5. Don’t make assumptions. Ambiguous laboratory test names are the norm (no indication of specimen, quantitative vs qualitative, etc). You must know the specifics of what is being measured in order to map appropriately. Don’t guess. You’ll often get it wrong. Local experts and package inserts can be very helpful. Units of measure are critical for mapping quantitative tests, and sample result values crucial for qualitative tests.
  6. Map only if the LOINC Component is an exact match to yours. Lots of things that might appear a “close enough” match on the surface are not the same thing at all. Examples are never a match, so if you don’t see what you need you may have to request a new LOINC code:
    • Avian pox virus IgG ≠ Avian pox virus Ab
    • Bluetongue virus 15 Ab ≠ Bluetongue virus Ab
    • 11-Deoxycortisol.free ≠ 11-Deoxycortisol
  7. Care about the specimen. It might be tempting to only choose LOINC codes without a named specimen (i.e. the XXX codes). But, you’d end up combining very different kinds of results under one code. LOINC recommends mapping to a specimen-specific LOINC code if the specimen is common or reference range is different. For odd-ball specimens like wound drainage, burns, sebum, environmental objects, etc., a post-coordinated approach (i.e. storing the specimen information in another code or place) is probably fine.
  8. Dig into understanding the LOINC Property axis. The Property of the LOINC name is one of the most challenging parts of LOINC. Getting a firm grip on some of the nuances will help you locate the right LOINC code. First, for quantitative tests, learn how units of measure relate to LOINC Properties. Then, review the LOINC Users’ Guide for how to distinguish between similar Property + Scale combinations like Prid/Nom, Type/Nom, and ID/Nom or ACnc/Ord, Thresh/Ord, and Pr/Ord.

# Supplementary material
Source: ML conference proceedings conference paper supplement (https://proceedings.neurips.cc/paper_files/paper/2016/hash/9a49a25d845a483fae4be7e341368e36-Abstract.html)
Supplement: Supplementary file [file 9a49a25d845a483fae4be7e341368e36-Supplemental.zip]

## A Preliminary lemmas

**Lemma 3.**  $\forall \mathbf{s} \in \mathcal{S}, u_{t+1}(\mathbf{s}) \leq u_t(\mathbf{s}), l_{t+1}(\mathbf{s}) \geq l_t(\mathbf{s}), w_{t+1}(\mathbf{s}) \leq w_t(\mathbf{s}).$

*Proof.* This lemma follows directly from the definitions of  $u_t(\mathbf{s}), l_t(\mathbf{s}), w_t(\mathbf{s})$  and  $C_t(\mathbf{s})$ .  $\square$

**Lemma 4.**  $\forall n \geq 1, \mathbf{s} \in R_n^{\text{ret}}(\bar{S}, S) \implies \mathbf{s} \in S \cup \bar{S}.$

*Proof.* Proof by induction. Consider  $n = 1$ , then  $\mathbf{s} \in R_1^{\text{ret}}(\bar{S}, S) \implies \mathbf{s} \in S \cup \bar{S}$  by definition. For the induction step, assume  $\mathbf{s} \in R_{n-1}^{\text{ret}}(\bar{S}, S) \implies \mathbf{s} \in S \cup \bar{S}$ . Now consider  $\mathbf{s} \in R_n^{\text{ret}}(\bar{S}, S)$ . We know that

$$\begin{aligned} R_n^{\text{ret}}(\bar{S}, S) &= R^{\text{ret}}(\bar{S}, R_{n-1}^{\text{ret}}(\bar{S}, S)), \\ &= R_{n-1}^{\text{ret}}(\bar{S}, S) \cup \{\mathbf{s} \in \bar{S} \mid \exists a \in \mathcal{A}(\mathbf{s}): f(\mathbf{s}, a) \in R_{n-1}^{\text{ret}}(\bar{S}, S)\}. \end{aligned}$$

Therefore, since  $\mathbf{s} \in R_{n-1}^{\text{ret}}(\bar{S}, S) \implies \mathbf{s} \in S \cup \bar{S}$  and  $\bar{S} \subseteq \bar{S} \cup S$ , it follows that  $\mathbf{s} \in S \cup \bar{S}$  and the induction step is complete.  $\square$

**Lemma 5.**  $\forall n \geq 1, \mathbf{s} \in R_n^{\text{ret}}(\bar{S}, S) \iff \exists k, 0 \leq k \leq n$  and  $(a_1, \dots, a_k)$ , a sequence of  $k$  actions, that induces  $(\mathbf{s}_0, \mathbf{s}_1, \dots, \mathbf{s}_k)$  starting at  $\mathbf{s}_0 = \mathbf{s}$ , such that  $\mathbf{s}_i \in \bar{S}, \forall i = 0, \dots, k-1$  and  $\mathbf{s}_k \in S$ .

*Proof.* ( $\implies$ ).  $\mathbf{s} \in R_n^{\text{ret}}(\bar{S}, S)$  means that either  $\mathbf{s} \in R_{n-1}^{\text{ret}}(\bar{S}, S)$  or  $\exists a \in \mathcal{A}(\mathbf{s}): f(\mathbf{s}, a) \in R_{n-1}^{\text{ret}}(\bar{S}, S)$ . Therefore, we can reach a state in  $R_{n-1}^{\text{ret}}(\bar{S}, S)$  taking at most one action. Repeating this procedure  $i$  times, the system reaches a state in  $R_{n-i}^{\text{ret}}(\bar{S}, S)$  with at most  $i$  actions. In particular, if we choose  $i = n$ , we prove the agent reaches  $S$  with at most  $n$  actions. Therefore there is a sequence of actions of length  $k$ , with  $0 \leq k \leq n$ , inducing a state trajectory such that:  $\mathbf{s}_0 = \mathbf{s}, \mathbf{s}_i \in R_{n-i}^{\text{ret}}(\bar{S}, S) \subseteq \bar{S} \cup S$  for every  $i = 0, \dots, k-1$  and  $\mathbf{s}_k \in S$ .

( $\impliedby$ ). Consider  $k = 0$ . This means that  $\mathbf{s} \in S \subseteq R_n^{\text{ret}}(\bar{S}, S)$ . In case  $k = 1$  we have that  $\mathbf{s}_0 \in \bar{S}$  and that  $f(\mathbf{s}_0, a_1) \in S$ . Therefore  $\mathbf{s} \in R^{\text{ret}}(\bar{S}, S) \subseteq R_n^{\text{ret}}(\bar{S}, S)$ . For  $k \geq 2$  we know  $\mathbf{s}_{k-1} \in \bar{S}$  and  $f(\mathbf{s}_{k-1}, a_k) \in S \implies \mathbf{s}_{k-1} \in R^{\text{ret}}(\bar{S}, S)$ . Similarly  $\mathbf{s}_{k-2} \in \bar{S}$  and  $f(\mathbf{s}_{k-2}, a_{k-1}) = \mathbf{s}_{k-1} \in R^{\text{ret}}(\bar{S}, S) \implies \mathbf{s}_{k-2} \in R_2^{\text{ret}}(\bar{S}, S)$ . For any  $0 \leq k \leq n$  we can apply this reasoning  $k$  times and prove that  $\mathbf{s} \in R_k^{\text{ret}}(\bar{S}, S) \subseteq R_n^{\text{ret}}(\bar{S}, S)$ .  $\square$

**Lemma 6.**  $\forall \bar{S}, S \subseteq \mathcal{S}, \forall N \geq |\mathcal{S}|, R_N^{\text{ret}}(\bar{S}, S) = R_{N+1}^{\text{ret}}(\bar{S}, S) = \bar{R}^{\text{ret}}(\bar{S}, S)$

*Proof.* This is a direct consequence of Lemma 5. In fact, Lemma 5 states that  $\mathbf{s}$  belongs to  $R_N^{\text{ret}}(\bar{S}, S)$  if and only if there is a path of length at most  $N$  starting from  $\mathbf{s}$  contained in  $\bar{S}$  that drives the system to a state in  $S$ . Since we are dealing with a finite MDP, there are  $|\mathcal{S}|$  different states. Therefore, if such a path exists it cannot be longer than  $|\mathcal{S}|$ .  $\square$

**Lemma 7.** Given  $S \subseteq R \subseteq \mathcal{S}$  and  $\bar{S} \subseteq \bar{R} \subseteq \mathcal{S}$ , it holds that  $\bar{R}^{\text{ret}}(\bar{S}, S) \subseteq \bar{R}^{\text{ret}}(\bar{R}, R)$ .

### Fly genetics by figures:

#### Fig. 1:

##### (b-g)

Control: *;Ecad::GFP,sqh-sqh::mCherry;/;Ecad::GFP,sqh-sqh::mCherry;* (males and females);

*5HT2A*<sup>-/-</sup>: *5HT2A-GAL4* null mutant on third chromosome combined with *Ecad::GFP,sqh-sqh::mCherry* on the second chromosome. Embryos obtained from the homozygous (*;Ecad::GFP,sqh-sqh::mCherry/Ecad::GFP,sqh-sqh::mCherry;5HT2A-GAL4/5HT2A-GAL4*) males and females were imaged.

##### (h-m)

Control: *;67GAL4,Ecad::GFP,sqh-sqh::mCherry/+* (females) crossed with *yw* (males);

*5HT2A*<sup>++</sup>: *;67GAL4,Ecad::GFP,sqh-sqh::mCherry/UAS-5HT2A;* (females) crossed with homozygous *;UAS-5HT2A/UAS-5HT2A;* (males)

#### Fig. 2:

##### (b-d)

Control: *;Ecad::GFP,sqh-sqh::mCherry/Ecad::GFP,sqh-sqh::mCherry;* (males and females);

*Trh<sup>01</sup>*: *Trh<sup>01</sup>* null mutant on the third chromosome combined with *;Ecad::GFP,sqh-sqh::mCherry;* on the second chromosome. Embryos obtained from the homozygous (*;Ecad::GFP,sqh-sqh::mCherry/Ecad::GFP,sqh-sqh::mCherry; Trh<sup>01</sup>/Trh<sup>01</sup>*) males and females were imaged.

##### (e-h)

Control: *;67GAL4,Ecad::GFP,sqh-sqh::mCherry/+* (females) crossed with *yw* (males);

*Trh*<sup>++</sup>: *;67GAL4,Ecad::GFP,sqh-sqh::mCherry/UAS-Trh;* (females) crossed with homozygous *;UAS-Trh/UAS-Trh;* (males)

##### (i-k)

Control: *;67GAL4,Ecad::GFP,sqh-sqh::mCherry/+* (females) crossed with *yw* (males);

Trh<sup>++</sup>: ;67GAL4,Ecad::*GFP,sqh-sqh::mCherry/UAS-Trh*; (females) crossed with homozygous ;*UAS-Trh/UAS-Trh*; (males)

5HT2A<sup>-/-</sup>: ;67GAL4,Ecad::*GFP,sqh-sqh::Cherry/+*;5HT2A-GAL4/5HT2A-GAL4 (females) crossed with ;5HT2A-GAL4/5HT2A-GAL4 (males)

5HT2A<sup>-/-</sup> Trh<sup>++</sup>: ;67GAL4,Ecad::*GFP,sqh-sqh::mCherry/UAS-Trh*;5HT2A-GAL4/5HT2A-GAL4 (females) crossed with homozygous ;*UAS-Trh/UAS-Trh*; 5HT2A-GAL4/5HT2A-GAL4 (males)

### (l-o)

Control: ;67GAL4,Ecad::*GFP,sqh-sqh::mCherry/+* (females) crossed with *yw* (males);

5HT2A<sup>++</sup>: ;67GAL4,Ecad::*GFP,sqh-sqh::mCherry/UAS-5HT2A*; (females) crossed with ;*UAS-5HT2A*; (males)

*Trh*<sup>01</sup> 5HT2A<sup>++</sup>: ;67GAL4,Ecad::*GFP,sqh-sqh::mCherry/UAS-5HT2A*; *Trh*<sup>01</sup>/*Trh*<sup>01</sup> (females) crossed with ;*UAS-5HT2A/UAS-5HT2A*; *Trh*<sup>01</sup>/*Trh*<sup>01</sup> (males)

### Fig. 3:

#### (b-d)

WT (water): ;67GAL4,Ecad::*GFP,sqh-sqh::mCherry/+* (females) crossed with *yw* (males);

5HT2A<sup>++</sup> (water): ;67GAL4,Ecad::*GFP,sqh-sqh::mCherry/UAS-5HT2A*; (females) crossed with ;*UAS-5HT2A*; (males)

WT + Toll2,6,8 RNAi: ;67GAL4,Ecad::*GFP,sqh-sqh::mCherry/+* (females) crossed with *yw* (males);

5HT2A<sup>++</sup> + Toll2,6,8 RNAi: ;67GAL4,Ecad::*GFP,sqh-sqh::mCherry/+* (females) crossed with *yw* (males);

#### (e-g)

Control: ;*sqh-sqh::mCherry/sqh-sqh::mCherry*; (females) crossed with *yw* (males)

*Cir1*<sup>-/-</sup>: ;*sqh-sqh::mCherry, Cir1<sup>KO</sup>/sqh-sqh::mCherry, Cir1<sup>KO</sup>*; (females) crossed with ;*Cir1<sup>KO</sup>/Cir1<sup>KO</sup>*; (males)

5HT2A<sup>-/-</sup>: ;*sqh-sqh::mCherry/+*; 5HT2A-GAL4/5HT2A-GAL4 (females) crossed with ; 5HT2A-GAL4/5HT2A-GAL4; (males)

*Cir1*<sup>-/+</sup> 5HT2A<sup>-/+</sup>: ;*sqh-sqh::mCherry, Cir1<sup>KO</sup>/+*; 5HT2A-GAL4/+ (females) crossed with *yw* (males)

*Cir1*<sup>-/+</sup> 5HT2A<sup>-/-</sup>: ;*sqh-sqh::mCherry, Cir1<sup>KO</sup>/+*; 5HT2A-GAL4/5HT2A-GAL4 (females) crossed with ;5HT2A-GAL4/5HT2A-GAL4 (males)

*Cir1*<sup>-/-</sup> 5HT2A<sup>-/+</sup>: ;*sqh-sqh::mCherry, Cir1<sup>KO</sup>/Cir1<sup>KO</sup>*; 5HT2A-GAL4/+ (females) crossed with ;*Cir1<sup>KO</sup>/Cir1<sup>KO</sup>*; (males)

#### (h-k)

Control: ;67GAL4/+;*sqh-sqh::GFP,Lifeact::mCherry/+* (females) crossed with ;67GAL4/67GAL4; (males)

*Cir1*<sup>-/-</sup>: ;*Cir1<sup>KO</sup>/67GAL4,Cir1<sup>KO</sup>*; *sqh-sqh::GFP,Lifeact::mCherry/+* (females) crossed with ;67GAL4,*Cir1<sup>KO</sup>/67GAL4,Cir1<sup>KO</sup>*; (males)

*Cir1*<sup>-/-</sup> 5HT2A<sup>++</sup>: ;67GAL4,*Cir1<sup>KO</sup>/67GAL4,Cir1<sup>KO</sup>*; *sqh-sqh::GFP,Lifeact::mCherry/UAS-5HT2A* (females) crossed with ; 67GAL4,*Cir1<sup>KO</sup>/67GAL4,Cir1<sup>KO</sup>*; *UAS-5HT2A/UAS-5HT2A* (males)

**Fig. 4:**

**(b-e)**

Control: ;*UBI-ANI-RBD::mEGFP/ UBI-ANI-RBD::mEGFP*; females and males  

9. Stay up to date. LOINC recommends that users update to the current version of LOINC within 90 days of its publication. For a detailed discussion about this, see my previous post.
  10. Get some help from trusted friends. The Mapping Validity Checker available through the LOINC Premium Membership Program is a tremendous value that can help identify potential mis-mappings. I highly recommend it. Also, stay tuned for my upcoming LOINC Essentials book where I’ll cover even more tips and tricks, including more detailed content questions.

Bonus tip

  1. Don’t ever “throw away” information when mapping. It is tempting to try to simplify the process by only mapping to methodless LOINC terms (i.e. LOINC codes that don’t have a Method in the name). In general, methodless terms are a good bet. But there is a unidirectional effect of data consolidation, meaning that once you assign a more general mapping, you can’t easily go back. Conversely, if you preserve the level of granularity present in the local name when mapping to LOINC codes, you can use the structured naming in LOINC to do roll-ups in various ways. This is a much more robust approach.

So, there are my top tips for mapping to LOINC. Keeping these things in mind as you start LOINCing will help avoid common pitfalls and inaccurate mappings.